July 27, 2011, 1:36 PM

Brands that sell directly to online shoppers risk losing business from retailers

A Shopatron survey says 64% of retailers would change their brand buying habits.

Thad Rueter

Senior Editor

Lead Photo

Retailers don’t take kindly to competition from brands and manufacturers, according to new survey results from Shopatron Inc.

The e-commerce technology and services provider found that 64% of retailers would reduce buying products from brands, or stop those purchases altogether, if those brands began selling items directly to consumers over the web.

Shopatron based its finding on a survey of 958 retailer clients conducted between April 14 and May 16.

Were a brand stocked by retailers to start selling goods directly to online shoppers, the survey says that:

• 11% of retailers would stop buying from that brand;

• 19% would buy as little as possible from that brand;

• 34% would reduce their buying from the brand;

•13% would not change their buying habits.

Additionally, 23% of respondents were unsure what they would do.

A similar survey from 2009 showed that 51% of retailers would buy less from brands that began selling over the web, says Shopatron, which attributes the increase in potential retailer annoyance to the growth in the number of brands selling directly to online shoppers.

“Not every retailer has the luxury of dropping brands completely when they go direct,” says Ed Stevens, founders and CEO of Shopatron. “Still, as this survey clearly shows, brands lose sales with retailers when they go direct-to-consumer.”

Comments | 5 Responses

  • Not sure that 'research' like that is meaningful. Of course retailers would say that. Would they do it? Can they do it? Why are they not doing it? If men were 'surveyed' whether a husband would hit his wife, only a nutcase would say yes, but statistics prove otherwise. (I know it is not the same type of question, but I am trying to point out that people will respond to a question like that the way they are expected to answer and it has no relation to what happens in reality.)

  • When manufacturers receive this data it *becomes* meaningful. This data alters the habits of manufacturers (not retailers) when deciding whether or not to sell direct online.

  • I am a retailer Powersports Dealership (Polaris, Suzuki, Can-Am, Ski-Doo, Sea-Doo); I HAVE changed my buying habbits, and possibly more importantly my marketing habits. 1) if a distributor/manufacturer allows consumers to order from his site he has changed the 'ROI' on my advertising because instead of competing with other retailers for the customer's business - where I can hold my own; I now compete with the distributor/mfg for that product. Consumers somehow believe they get a better experience buying mfg direct; even though my experience has proven otherwise. 2) I agree that we can't 'choose' to stop buying everything. In the case of Can-Am there are many 'captive parts' that must be purchased from them; so we still do so. But in the case of Polaris; why would I stock a bumper that someone could look at in my showroom and then buy online from the mfg when he got home? Instead I stock a bumper that can only be bought in a showroom or on my website; and why would he drive to another dealership, or website when he already knows me? So even if the mfg makes double the margin (distributor -> retail rather than distributor->dealer) he has the additional overhead of customer service; smaller average order size, increased retail marketing spend (or at least lower retailer ad spend). So in the end it may be a zero sum gain - I keep hearing from these OEMs how it is such a small part of their business; yet they continue to do it. Yamaha never did it; Kawasaki did it and stopped; BRP Did it then stopped; then started again; and now Harley is doing something strange with its e-commerce (so I hear). Educate the retailer - put incentives in the right place; and increase customer satisfaction by supporting the channel (not bypassing it). My 2 cents worth anyway.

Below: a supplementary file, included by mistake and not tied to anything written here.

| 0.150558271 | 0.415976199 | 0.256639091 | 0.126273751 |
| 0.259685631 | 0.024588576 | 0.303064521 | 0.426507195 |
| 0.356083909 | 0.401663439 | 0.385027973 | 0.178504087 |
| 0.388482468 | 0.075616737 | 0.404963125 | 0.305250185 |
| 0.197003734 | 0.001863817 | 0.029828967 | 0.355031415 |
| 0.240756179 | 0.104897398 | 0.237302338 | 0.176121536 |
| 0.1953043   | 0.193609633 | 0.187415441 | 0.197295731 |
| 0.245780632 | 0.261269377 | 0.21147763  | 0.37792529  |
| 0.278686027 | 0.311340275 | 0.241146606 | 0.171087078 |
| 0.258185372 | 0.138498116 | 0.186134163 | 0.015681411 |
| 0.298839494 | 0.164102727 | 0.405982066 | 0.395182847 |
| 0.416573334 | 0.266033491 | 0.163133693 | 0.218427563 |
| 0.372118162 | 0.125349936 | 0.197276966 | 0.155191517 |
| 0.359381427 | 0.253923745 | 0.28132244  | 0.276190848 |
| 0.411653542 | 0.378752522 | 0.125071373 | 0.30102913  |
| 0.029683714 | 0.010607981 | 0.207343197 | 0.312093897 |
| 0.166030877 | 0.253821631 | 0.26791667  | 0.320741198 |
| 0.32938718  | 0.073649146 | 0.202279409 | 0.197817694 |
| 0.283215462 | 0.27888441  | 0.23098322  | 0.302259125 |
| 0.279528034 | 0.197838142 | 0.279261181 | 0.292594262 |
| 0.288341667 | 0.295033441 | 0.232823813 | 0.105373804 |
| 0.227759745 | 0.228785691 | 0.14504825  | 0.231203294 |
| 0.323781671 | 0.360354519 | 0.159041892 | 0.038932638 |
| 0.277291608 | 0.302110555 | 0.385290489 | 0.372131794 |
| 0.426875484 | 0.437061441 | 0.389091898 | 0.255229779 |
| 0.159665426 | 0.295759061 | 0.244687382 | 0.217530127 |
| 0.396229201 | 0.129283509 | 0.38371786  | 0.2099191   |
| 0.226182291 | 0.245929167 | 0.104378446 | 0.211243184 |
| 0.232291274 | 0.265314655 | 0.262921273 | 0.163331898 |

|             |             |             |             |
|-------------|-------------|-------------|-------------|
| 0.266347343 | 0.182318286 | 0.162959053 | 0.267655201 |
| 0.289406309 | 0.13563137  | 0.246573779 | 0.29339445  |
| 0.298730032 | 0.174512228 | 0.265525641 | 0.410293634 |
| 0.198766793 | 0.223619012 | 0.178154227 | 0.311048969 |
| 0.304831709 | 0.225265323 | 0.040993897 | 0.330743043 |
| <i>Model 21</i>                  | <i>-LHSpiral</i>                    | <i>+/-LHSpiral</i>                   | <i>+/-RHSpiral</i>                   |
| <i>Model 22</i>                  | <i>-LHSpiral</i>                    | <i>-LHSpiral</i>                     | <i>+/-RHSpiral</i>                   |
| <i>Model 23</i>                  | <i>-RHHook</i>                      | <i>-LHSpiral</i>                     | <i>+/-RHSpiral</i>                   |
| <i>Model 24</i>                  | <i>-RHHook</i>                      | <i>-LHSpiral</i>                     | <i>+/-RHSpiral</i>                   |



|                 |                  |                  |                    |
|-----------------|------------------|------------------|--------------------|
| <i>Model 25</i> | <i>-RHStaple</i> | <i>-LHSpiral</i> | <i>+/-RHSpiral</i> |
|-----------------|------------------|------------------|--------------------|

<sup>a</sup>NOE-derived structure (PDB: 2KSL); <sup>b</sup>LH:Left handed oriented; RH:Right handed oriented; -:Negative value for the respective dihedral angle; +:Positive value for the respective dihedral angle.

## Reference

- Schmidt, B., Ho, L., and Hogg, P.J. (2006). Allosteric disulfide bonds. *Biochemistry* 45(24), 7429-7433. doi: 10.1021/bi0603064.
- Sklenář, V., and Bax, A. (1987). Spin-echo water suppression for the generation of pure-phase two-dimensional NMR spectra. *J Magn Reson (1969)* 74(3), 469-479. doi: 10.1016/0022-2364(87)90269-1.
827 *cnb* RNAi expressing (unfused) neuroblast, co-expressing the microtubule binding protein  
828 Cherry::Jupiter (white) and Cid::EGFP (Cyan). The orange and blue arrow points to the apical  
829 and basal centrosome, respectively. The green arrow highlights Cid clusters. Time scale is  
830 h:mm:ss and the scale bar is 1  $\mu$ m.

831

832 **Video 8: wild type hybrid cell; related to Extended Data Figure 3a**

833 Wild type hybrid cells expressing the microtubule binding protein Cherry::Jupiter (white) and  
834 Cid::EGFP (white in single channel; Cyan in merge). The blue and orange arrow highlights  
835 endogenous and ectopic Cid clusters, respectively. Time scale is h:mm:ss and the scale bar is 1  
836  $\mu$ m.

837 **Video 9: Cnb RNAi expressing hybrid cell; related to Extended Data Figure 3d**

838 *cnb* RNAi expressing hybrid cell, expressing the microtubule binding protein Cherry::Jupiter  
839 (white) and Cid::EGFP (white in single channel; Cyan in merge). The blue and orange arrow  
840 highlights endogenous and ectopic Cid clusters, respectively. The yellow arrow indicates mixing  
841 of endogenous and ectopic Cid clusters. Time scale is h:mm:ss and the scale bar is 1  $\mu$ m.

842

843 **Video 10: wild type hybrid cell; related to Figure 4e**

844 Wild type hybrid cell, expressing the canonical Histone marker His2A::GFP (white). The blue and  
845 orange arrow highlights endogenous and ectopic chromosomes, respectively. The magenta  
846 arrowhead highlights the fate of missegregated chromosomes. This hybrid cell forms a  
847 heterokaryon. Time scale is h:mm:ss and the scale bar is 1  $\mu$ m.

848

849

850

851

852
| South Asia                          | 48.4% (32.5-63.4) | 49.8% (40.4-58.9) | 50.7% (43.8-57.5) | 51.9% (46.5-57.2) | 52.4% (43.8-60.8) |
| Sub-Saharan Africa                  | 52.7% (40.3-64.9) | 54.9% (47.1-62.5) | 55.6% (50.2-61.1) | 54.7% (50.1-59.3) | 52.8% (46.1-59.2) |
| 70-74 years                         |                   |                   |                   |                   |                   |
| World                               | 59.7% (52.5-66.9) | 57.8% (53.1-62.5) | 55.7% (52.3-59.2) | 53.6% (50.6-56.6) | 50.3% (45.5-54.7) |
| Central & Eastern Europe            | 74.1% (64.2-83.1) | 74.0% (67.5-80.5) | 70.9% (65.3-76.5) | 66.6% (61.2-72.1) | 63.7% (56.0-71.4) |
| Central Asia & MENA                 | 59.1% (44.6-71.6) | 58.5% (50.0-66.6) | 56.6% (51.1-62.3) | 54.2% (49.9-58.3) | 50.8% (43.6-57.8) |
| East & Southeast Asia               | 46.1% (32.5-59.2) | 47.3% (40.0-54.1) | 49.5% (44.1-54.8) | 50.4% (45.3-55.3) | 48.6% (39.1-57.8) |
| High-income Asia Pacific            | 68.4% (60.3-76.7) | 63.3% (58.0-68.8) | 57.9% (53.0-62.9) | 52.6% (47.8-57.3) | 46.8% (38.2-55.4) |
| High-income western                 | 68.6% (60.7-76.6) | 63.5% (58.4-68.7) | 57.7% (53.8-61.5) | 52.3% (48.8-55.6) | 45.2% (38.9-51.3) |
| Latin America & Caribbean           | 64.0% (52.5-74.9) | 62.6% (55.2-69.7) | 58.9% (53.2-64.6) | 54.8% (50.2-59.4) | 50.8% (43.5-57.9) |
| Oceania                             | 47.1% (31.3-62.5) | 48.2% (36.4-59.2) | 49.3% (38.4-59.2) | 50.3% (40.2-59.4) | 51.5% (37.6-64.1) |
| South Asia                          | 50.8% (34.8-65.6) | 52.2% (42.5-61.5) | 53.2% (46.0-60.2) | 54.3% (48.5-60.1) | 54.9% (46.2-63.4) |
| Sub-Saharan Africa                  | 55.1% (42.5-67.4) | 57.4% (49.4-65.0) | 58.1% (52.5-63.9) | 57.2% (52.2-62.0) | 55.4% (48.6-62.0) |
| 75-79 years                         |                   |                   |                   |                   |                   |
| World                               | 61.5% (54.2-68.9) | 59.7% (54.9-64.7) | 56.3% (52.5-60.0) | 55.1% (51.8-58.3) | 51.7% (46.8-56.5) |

• I have dropped three labels that have decided to compete with my stores. In one of the three cases their prices were lower than my minimum margin would allow. I am getting ready to go to Vegas where I am going to inform two others that I am reducing my buy for the same reasons. When I can develop a relationship with another label that can fill that niche I will probably drop them as well. I respect their right to determine the best strategy for their company. If they think they can make more money going direct then it is a good move for them, but there are far too many terrific labels that I can partner with to build a brand to deal with vendors who are anxious to compete with me. My advantage is that I have spent 12 years developing loyal customers who rely on my face-to-face advise, television appearances, published articles and fashion events. It is not difficult to convince customers to abandon a label in favor of another (as long as you don't forgo quality and appeal). Again, I don't begrudge a company pursing their best strategy for making money. We will see if that business model will work for them over time. I would say it is pretty even odds at this point.

  • Wholesalers should wholesale and retailers should retail. I find that many wholesale manufacturers think they can run their business and the retail business. Humm, that sounds like the idiots running our country. Greed creats this and it GETS EVERYONE FIRED IN THE LONG RUN. DO WHAT YOU DO WELL AND DON'T BE A KNOW IT ALL!!!!!!!!!!!!!!

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